Patients and oncologists at the Cancer Care Group (CCG, a private physician practice based out of Indianapolis, Indiana) are being informed that the theft of a company laptop has resulted in a data breach. It is the fourth largest data breach of 2012, and it could have been prevented with the judicious use of data encryption like AlertBoot.
Locked Car at the Center of Breach
According to various sources, the breach occurred on July 19, when a laptop computer was stolen from an employee’s car. The breach was not instigated by the theft of the laptop per se; rather, it was the “computer server backup media” that was in the laptop that held the data.
I have no idea what “computer server backup media” means, but I’m assuming that — based on the current state of technology and the fact that it was a laptop — either a DVD or a USB thumbdrive with data is at the heart of this latest patient health information security breach.
The breach affects nearly 55,000 individuals, including Cancer Care Group’s own employees. Compromised information includes “names, addresses, dates of birth, and Social Security numbers for both parties as well as medical and insurance information for patients and beneficiary, employment, or financial information for employees,” according to ehrintelligence.com.
Over at healthcareitnews.com, it is being pointed out that this breach is the fourth largest of 2012:
It stands behind similar incidents at Utah Department of Health, involving the PHI of 780,000 individuals; Emory Healthcare, involving the PHI of an estimated 315,000 individuals; and South Carolina Department of Health, involving PHI of 228,000 individuals.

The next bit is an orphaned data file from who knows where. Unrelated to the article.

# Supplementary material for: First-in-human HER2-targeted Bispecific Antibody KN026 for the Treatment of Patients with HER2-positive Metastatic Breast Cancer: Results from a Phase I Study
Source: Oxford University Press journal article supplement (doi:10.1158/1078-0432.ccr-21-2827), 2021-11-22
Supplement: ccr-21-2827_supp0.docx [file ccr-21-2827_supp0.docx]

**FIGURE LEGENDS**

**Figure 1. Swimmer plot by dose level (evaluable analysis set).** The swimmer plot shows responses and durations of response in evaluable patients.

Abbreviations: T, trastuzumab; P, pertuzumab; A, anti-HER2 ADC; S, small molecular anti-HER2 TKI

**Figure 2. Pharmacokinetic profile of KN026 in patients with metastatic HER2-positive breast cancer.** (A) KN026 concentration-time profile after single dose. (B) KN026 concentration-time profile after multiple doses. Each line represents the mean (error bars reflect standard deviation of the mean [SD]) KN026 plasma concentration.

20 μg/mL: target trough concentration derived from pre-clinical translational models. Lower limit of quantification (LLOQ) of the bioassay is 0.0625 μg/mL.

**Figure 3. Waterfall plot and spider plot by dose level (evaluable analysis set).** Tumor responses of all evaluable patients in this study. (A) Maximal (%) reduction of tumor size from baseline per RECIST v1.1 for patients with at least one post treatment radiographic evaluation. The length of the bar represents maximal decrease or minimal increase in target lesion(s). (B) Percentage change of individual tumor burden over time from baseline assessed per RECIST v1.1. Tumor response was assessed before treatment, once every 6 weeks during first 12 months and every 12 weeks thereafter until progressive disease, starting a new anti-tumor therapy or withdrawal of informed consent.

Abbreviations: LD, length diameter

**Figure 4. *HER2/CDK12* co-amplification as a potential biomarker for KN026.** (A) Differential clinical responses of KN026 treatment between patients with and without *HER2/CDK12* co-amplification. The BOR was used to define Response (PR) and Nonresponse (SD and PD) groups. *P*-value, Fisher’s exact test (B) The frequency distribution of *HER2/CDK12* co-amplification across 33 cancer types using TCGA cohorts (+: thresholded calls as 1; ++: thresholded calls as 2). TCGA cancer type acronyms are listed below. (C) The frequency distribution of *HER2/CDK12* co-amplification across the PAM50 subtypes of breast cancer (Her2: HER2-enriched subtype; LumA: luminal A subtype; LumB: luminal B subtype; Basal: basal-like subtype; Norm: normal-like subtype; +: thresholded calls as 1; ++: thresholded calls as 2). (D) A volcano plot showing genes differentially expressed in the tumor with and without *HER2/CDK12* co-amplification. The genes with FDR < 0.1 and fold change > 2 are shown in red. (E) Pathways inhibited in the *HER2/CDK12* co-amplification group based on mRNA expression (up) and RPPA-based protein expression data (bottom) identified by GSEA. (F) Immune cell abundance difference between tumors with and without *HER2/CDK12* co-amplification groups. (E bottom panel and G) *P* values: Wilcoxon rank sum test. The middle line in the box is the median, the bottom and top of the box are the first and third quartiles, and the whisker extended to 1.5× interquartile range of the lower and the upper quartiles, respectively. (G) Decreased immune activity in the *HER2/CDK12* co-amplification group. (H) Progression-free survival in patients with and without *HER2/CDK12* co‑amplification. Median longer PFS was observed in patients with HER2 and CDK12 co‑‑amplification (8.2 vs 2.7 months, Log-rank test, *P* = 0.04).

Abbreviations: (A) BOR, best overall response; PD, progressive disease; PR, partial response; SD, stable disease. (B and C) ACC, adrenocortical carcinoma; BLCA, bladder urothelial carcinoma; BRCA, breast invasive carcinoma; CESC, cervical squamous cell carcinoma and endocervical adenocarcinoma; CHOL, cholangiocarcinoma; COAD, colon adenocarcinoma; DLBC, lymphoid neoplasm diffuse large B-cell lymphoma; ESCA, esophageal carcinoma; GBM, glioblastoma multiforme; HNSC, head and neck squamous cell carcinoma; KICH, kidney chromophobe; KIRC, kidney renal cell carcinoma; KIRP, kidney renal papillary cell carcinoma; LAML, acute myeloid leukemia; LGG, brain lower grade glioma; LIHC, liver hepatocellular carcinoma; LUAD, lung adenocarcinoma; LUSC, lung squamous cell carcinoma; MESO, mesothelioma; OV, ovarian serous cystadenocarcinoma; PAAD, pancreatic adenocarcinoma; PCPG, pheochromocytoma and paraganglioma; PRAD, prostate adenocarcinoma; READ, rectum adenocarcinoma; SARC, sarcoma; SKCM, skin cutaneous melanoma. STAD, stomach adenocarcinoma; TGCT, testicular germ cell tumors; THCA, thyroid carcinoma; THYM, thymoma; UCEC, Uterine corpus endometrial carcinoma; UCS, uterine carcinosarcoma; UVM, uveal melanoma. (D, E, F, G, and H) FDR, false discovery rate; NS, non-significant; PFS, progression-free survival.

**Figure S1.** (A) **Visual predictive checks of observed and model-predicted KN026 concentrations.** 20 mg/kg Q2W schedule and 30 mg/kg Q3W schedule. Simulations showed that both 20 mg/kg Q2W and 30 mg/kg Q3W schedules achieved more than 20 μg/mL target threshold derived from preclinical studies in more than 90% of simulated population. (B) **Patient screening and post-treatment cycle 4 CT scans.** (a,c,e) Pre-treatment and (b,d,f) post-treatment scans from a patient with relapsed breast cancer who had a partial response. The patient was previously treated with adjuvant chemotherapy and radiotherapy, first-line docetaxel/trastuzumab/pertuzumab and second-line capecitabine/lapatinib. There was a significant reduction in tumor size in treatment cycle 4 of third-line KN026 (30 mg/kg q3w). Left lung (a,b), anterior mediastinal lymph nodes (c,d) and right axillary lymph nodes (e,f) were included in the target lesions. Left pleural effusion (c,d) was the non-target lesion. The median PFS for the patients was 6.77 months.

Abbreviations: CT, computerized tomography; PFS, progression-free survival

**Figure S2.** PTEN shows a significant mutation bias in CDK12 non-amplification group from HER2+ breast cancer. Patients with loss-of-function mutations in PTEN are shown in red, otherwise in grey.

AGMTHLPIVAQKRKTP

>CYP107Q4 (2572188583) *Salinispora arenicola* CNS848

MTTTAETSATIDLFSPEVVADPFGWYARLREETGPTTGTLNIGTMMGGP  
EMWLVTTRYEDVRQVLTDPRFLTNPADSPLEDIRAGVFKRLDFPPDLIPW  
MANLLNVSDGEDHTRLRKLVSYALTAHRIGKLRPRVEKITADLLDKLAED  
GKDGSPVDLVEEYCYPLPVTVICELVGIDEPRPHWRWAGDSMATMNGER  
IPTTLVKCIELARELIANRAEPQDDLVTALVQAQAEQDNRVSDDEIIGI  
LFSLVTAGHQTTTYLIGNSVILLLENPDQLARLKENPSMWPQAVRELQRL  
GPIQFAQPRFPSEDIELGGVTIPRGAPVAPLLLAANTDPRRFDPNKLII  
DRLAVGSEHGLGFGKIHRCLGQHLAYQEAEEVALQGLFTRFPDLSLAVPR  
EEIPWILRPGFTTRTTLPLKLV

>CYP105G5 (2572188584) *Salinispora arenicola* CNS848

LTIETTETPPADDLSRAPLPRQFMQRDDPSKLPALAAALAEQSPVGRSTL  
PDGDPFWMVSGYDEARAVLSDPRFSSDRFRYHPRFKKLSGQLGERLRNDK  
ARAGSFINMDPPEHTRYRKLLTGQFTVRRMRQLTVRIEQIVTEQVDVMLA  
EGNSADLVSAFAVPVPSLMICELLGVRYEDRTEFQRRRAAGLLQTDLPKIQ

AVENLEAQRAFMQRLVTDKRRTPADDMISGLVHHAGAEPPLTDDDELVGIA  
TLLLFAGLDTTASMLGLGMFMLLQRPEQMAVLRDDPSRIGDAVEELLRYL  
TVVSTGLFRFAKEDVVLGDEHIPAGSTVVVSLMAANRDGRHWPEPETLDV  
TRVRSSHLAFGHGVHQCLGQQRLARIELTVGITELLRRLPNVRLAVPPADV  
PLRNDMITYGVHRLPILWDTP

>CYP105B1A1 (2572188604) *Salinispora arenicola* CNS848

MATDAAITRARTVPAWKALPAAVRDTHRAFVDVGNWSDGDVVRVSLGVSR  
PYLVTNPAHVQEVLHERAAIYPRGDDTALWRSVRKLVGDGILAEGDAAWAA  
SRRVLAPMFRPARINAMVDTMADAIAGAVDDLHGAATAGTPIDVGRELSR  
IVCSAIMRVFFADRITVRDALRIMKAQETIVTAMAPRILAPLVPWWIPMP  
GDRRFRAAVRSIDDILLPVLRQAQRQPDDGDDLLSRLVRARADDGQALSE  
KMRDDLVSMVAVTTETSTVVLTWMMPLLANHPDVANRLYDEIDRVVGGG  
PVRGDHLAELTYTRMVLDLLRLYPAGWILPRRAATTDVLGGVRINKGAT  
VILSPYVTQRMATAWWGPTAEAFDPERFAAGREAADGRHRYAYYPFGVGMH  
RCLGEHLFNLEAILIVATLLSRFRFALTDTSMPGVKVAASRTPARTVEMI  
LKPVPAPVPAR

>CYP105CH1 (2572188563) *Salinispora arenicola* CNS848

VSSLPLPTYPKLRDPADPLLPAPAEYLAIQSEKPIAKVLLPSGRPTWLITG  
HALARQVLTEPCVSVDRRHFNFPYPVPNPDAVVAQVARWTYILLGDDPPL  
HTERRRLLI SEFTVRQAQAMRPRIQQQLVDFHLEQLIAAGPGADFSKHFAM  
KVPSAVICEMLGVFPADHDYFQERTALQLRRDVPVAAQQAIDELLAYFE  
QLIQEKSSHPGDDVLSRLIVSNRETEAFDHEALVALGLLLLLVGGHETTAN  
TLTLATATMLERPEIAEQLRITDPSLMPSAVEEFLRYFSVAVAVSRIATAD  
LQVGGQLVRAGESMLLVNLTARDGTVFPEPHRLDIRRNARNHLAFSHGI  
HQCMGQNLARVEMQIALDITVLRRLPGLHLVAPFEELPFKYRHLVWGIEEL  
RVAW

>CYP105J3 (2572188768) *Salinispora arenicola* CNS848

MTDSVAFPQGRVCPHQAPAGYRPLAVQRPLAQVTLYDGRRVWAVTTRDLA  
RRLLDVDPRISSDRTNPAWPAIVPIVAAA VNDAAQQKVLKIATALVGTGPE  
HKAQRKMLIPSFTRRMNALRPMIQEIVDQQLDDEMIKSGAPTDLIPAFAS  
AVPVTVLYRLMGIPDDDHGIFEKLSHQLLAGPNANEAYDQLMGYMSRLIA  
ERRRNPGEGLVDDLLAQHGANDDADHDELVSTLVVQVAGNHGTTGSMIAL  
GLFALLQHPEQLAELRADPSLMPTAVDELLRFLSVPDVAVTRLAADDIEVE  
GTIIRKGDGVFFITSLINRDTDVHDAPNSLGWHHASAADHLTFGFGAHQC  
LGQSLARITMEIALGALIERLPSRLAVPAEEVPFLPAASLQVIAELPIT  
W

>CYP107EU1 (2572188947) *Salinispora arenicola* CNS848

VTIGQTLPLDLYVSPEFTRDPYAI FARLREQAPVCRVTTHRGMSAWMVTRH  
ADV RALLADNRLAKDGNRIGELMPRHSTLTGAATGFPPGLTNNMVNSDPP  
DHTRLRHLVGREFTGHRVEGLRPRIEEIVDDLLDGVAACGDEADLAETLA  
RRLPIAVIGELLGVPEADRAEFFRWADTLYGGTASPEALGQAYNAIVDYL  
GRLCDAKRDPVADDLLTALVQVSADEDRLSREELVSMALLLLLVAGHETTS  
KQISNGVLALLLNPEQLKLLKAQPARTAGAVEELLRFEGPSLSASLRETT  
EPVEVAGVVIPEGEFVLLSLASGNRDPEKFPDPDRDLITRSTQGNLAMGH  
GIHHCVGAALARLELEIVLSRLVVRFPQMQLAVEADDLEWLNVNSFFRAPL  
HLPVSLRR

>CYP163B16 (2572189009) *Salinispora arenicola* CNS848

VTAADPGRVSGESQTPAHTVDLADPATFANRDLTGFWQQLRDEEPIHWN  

Cancer Care Group’s own data mismanagement looks pale and paltry in comparison. On the other hand, it’s 55,000 people. Nothing paltry about that. Especially if you consider that the US Department of Health and Human Services requires that cases involving more than 500 patients be publicized in their “Wall of Shame.”
Reviewing Security Measures, Some Already in Progress
A statement by CCG notes that,
“Cancer Care Group is encrypting all mobile media, updating policies and procedures, upgrading data storage technology, and re-educating our workforce on safety with mobile media,” notes spokesman Clyde Lee, “Some of these steps already were underway at the time this incident occurred.”[ehrintelligence.com]
There is no evidence to believe that the backup media were the target of the theft or that any of the information on the media has been accessed or used for fraudulent purposes[fiercehealthit.com]
As usual, I have problems with such statements. The fact that there is no evidence that the backup media was targeted doesn’t mean that it didn’t or won’t happen. The example I give out: if a thief’s target is a handbag (in the fashion world, some of them can fetch unheard-of prices), does it mean that he won’t look inside it? Maybe take the credit cards and wad of cash found in it?
Why would it be different for computers and other digital media? Heck, a test by Symantec showed that 89% of people snooped on the contents of a found smartphone. Are we supposed to believe that it would be otherwise for a laptop computer?
Of course, you can’t blame CCG too harshly; they claim that they were already in the process of securing data when the incident took place. And, chances are that such problems will still occur once in a blue moon after their project is finished.
The above case not only illustrates the need to use proper data security tools, but that they be easy and fast to deploy. If a solution takes, say, one year from purchase to 100% implementation, you probably have the wrong solution, especially if analogous solutions offering the same functionality can complete the job in less than half that time.
Related Articles and Sites: